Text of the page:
BY ARNOLD PADILLA
MANILA –Oil firms, in particular the so-called Big Three, are again on the defensive. A trial court judge has ordered them to open their books of account for scrutiny. The order is meant to determine if the three oil firms operate as a cartel. Meanwhile, the Arroyo administration’s chief economist has again accused the oil companies of overpricing.
To be sure, public attention on oil has been unprecedented since global oil prices breached the $100 per barrel mark last year. Mainstream media has closely followed oil price trends and there is worsening public distrust on the oil firms. Perception of overpricing has increased and questions on the Oil Deregulation Law have persisted. The incompetence of Energy Secretary Angelo Reyes has also been repeatedly raised.
These issues have been amplified by a court’s decision asking the oil companies to open their books amid persistent allegations of overpricing. And while the issues of overpricing and cartel remain unresolved, oil firms again increased pump prices by P1.50 (0.03 at the May 16, 2009 exchange rate of $1=P47.64) per liter this week. In the coming days, more oil price hikes are imminent, they warned. A new round in the long-running battle between consumers and abusive oil firms has begun.
Opening the books
This time, a new factor that could be favorable to consumers has come into play. On April 27, Judge Silvino Pampilo Jr. of the Manila Regional Trial Court Branch 26 directed government agencies to examine the books of the Big Three. The Commission on Audit (COA), Bureau of Internal Revenue (BIR) and Bureau of Customs (BOC) were tasked to do the investigation.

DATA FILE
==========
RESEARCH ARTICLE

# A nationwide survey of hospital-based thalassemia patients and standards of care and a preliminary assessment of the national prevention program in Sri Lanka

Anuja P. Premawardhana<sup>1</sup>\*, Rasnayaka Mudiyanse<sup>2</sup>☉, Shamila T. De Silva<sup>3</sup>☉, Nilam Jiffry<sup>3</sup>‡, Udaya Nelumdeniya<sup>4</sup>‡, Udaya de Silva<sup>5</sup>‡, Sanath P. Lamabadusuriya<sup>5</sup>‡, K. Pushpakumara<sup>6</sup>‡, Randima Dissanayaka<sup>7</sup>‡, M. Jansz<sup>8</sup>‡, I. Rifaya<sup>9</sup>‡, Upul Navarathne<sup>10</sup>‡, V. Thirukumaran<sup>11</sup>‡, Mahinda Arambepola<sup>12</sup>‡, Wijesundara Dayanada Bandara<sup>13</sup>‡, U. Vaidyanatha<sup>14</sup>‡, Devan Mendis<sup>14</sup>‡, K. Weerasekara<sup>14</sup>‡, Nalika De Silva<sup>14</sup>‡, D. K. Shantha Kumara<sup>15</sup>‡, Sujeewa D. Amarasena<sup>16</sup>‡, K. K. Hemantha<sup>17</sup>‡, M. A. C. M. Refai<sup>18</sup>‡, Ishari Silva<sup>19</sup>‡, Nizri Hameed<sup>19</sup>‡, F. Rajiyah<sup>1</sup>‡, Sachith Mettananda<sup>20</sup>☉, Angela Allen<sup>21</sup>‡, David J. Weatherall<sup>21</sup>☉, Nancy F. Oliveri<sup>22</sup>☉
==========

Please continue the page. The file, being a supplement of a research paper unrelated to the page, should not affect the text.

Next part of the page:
It is interesting to note that in the past, oil players were receptive to calls for an independent scrutiny of their books. Last December, amid questions on its small and delayed price cuts, Petron Corp. dared members of Congress to look into its financial position. In a statement, the biggest oil firm in the country said:
“If lawmakers actually look into our financial position, they will find that we are in a very difficult situation… We have always supported initiatives to ensure transparency in oil pricing. As a publicly listed company, our financial statements can be scrutinized by anyone”.
But now, Petron, Shell and Chevron are singing a different tune. In their separate motions for reconsideration, they argued that the court’s order to open their books for auditing does not have factual or legal basis. Chevron even dismissed the order of Judge Pampilo as “nothing more than media interest.”
Why did the Big Three suddenly become averse to the idea of opening their books? The reason is obvious. Past statements made by oil firms and in many instances, by Sec. Reyes on “opening the books” were simply publicity, aimed to assuage public outrage. They did not intend to give a comprehensive and honest scrutiny of the books of account of the oil companies. As noted by Pampilo in his ruling:
“In recent times, the Department of Energy has expressed through the mass media that they will open and examine the books of account of the ‘Big Three’. For reasons unknown to many, the books have remained unopened and unexamined, and the puzzle remains unsolved”.